French was born in 1949 in San Bernardino, a neighboring town to Cucamonga in the northeast corner of Los Angeles, and when he was five, his family moved up to Lancaster. As a teenager in the early ’60s, he could not avoid noticing the marked development occurring in the local music scene. And inspired by all that he heard, he became a member of his first band, The Maltesemen, at the beginning of his high school years.

“So many things were happening in Lancaster in the period 1963-64,” French says. “The first R&B band in the area was absolutely The Black-Outs with Frank Zappa. That was around 1960. At that point, by far most of the bands in southern California were playing surf music and walked around in the relevant uniform: White Levi’s, a white T-shirt and a loose Pendleton shirt not tucked in. That also went for the musicians here in Lancaster, even if few of them actually surfed. They just acted like they did. My first band also played surf music, and our name, The Maltesemen, was inspired by the fact that some surfers had boards that were formed like a Maltese cross.”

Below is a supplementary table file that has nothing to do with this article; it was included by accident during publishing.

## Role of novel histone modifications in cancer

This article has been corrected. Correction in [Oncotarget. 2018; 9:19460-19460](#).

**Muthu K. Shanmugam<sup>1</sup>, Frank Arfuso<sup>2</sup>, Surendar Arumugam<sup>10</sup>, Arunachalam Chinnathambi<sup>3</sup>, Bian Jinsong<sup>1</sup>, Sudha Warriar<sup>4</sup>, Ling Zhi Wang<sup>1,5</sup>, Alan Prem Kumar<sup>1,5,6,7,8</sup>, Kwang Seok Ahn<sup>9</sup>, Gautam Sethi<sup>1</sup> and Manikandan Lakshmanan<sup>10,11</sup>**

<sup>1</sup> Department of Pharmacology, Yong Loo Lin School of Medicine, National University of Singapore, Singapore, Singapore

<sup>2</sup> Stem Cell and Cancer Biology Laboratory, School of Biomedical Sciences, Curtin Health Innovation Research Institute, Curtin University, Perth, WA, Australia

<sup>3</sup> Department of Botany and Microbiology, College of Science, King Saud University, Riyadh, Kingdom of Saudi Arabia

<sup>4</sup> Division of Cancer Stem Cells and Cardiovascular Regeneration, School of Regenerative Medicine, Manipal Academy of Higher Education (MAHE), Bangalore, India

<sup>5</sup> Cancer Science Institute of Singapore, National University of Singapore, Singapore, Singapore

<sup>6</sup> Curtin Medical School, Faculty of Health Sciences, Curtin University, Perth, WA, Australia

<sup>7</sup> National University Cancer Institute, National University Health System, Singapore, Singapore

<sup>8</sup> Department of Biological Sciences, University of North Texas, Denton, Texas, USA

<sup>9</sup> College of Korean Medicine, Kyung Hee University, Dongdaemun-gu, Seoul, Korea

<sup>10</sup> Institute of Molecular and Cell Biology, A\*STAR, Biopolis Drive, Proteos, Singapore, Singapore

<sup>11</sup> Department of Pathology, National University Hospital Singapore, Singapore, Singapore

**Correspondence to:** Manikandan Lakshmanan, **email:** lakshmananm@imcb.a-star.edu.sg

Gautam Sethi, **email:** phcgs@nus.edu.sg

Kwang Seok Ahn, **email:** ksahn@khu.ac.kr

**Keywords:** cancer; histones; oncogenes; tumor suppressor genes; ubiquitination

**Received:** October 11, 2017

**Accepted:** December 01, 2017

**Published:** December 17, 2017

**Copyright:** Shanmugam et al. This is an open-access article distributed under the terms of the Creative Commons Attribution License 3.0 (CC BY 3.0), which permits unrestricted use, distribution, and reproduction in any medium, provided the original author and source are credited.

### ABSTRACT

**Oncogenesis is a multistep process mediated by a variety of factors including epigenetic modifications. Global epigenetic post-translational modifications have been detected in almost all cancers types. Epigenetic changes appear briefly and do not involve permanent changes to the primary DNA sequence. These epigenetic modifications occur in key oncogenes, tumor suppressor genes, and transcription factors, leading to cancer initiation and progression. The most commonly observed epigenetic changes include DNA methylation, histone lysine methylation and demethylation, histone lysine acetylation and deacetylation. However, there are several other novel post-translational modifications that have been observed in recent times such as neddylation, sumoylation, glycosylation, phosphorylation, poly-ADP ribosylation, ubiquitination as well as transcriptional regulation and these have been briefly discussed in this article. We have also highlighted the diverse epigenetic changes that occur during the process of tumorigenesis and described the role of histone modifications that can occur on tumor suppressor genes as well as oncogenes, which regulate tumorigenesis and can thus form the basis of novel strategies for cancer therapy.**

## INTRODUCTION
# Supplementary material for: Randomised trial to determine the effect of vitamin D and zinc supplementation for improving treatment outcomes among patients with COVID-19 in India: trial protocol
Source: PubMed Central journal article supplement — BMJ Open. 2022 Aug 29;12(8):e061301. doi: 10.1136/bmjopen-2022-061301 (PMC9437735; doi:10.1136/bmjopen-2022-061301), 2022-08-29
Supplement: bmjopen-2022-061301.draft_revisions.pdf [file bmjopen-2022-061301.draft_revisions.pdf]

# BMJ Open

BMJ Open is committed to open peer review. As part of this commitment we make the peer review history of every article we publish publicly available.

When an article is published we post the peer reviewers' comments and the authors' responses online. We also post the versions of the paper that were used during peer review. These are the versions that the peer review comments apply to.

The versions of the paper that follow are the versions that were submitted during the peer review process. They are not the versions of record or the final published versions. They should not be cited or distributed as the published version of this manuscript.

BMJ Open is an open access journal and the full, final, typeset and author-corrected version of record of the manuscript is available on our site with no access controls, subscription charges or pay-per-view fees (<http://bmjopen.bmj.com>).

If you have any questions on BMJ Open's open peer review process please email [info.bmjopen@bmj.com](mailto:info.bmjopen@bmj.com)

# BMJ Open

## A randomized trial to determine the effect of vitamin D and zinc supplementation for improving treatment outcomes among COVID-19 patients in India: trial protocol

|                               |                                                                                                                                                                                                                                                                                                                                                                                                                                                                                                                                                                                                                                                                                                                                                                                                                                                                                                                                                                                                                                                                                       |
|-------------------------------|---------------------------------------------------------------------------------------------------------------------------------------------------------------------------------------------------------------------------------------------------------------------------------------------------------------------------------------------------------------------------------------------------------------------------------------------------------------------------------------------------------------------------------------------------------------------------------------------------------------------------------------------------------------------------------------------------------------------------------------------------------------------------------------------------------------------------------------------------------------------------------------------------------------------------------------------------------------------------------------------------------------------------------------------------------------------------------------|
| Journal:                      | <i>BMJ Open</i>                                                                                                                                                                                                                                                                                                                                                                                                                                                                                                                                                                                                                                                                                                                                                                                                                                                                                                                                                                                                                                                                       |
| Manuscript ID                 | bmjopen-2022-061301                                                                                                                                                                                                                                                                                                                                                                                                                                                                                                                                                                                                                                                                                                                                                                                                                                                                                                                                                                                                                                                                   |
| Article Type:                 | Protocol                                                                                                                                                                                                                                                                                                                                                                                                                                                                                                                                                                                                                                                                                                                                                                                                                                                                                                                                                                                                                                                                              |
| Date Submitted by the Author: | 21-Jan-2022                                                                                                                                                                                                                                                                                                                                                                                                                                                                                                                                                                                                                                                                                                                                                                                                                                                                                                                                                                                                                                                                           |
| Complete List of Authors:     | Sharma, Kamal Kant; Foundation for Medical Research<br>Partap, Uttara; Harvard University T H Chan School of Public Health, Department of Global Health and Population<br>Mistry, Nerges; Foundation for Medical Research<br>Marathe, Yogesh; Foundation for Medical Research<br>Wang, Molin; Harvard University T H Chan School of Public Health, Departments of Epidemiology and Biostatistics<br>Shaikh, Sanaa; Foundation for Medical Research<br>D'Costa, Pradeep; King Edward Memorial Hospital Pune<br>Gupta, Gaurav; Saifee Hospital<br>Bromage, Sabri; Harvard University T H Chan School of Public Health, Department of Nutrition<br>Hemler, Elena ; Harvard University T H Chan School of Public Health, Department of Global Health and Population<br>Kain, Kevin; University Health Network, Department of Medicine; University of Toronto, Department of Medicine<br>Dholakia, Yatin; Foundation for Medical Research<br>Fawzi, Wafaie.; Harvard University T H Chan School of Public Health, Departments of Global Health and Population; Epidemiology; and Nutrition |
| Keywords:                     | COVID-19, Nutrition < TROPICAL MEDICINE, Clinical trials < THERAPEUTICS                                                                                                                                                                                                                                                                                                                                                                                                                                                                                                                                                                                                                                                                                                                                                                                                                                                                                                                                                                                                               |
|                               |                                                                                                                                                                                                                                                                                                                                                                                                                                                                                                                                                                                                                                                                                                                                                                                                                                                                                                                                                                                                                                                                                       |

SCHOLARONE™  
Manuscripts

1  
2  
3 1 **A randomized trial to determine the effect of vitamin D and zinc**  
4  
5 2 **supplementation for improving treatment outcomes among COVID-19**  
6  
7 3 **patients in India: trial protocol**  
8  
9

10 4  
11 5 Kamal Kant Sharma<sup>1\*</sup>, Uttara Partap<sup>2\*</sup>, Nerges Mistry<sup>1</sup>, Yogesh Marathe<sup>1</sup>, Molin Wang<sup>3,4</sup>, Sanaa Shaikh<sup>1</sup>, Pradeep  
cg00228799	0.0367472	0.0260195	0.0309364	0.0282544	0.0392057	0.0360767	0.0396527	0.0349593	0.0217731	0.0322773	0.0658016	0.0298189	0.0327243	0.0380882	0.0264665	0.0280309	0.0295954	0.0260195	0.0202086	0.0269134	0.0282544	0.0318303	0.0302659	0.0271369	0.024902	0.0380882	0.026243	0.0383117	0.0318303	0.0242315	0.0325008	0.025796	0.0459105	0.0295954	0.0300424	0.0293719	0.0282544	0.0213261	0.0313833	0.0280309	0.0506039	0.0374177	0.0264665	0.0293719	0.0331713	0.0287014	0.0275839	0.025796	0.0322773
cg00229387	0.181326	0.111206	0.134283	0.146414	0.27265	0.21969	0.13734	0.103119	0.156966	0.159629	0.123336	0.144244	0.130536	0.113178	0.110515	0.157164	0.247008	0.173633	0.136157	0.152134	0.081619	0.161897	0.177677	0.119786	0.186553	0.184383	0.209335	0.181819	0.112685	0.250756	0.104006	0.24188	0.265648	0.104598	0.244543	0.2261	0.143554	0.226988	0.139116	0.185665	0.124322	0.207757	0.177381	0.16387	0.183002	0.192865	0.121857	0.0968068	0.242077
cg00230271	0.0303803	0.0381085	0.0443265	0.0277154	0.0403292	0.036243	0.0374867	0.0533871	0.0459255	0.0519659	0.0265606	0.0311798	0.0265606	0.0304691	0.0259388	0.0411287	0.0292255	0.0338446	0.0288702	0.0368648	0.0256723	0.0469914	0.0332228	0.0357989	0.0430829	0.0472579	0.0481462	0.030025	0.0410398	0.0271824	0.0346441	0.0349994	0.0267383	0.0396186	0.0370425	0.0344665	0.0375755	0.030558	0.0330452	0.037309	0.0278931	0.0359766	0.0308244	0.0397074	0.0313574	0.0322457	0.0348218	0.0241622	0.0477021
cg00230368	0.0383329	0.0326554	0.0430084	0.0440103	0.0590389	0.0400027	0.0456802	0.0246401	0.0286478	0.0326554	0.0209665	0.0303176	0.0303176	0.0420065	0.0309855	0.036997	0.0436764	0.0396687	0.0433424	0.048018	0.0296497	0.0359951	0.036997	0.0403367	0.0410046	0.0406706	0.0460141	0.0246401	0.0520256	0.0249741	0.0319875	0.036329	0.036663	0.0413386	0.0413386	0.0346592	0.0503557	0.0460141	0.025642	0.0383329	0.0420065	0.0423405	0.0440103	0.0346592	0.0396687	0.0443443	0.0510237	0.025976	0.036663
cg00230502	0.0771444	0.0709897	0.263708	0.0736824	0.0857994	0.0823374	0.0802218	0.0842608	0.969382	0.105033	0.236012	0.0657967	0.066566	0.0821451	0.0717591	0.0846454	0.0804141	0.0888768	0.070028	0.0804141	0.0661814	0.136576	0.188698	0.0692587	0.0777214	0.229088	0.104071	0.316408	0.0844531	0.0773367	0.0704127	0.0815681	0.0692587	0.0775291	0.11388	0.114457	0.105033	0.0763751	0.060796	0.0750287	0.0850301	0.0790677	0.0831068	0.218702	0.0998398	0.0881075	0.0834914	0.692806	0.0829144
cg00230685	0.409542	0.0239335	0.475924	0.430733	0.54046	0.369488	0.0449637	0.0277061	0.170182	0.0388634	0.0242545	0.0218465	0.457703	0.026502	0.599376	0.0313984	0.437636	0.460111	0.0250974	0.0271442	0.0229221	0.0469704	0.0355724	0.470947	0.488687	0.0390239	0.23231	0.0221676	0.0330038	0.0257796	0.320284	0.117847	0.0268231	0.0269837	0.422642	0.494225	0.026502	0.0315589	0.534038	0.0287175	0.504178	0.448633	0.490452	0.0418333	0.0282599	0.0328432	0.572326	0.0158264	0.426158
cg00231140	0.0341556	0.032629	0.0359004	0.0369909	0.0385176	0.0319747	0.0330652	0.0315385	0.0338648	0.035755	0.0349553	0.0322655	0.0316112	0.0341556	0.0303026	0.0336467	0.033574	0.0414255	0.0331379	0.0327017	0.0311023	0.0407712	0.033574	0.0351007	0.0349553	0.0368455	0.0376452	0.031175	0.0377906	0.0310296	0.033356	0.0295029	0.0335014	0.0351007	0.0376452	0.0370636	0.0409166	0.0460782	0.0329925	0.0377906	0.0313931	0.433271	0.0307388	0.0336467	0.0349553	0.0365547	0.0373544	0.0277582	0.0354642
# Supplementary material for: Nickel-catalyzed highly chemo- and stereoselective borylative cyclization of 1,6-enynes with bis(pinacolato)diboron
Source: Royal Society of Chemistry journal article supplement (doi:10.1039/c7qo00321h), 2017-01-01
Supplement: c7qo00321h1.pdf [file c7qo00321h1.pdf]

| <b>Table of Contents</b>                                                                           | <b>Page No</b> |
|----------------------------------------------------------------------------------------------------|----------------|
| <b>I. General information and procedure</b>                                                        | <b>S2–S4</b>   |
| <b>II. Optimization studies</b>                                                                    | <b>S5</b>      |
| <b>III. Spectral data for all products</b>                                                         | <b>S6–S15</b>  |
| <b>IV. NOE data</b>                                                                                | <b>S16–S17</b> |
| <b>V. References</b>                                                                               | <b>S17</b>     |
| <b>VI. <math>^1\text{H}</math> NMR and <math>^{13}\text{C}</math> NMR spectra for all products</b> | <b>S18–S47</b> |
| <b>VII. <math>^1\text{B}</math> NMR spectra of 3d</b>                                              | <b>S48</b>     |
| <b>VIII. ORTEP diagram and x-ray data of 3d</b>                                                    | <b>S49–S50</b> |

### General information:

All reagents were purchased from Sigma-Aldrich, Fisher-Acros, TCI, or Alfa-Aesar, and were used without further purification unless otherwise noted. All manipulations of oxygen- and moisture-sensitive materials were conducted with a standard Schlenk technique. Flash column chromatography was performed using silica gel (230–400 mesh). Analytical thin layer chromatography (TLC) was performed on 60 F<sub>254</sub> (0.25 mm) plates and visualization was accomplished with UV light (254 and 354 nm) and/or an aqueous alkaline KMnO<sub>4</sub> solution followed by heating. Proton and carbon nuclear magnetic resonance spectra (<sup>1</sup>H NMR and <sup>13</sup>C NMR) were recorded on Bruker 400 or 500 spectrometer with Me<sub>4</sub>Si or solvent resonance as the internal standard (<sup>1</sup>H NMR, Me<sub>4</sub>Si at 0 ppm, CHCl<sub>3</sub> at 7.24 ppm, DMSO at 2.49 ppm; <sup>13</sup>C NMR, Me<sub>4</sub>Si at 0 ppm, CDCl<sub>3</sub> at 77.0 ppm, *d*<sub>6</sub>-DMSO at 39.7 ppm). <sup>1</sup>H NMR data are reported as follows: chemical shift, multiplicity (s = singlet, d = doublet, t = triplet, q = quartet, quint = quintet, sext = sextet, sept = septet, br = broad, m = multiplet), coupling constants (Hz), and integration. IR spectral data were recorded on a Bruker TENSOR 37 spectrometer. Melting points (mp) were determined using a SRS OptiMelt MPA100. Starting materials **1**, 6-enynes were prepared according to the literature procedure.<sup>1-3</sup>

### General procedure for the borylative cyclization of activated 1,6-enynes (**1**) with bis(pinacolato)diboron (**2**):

Back then, there wasn’t much youth culture yet so if you weren’t a surfer type, you were probably a pachuco, the latest incarnation of a Mexican-American subculture with roots back to the 1930s, a little bit like the ’40s swing followers, called Zoots. The best known pachuco in the Beefheart-Zappa mythology was the bass player Roy Estrada, and Beefheart comments directly on the phenomenon in the song “Pachuco Cadaver” on Trout Mask Replica.

Pachucos were guys with tight jeans and greasy Elvis hair who practiced the low-rider culture with specially designed cars that had lowered frames and loud exhausts, hot rods and that kind of thing. We also called them greasers because of all the grease in their hair. But then the Beatles came along and suddenly the music sounded very different. One of the first local names that reflected that development was Merrell and The Exiles, started by Merrell Fankhauser, who later established the group Mu. The first guitarist in Merrell and The Exiles was Jeff Cotton who later joined The Magic Band. Which is only one of many examples how all the groups in the Lancaster area hung together this way and that.”

—How did you first hear about Captain Beefheart?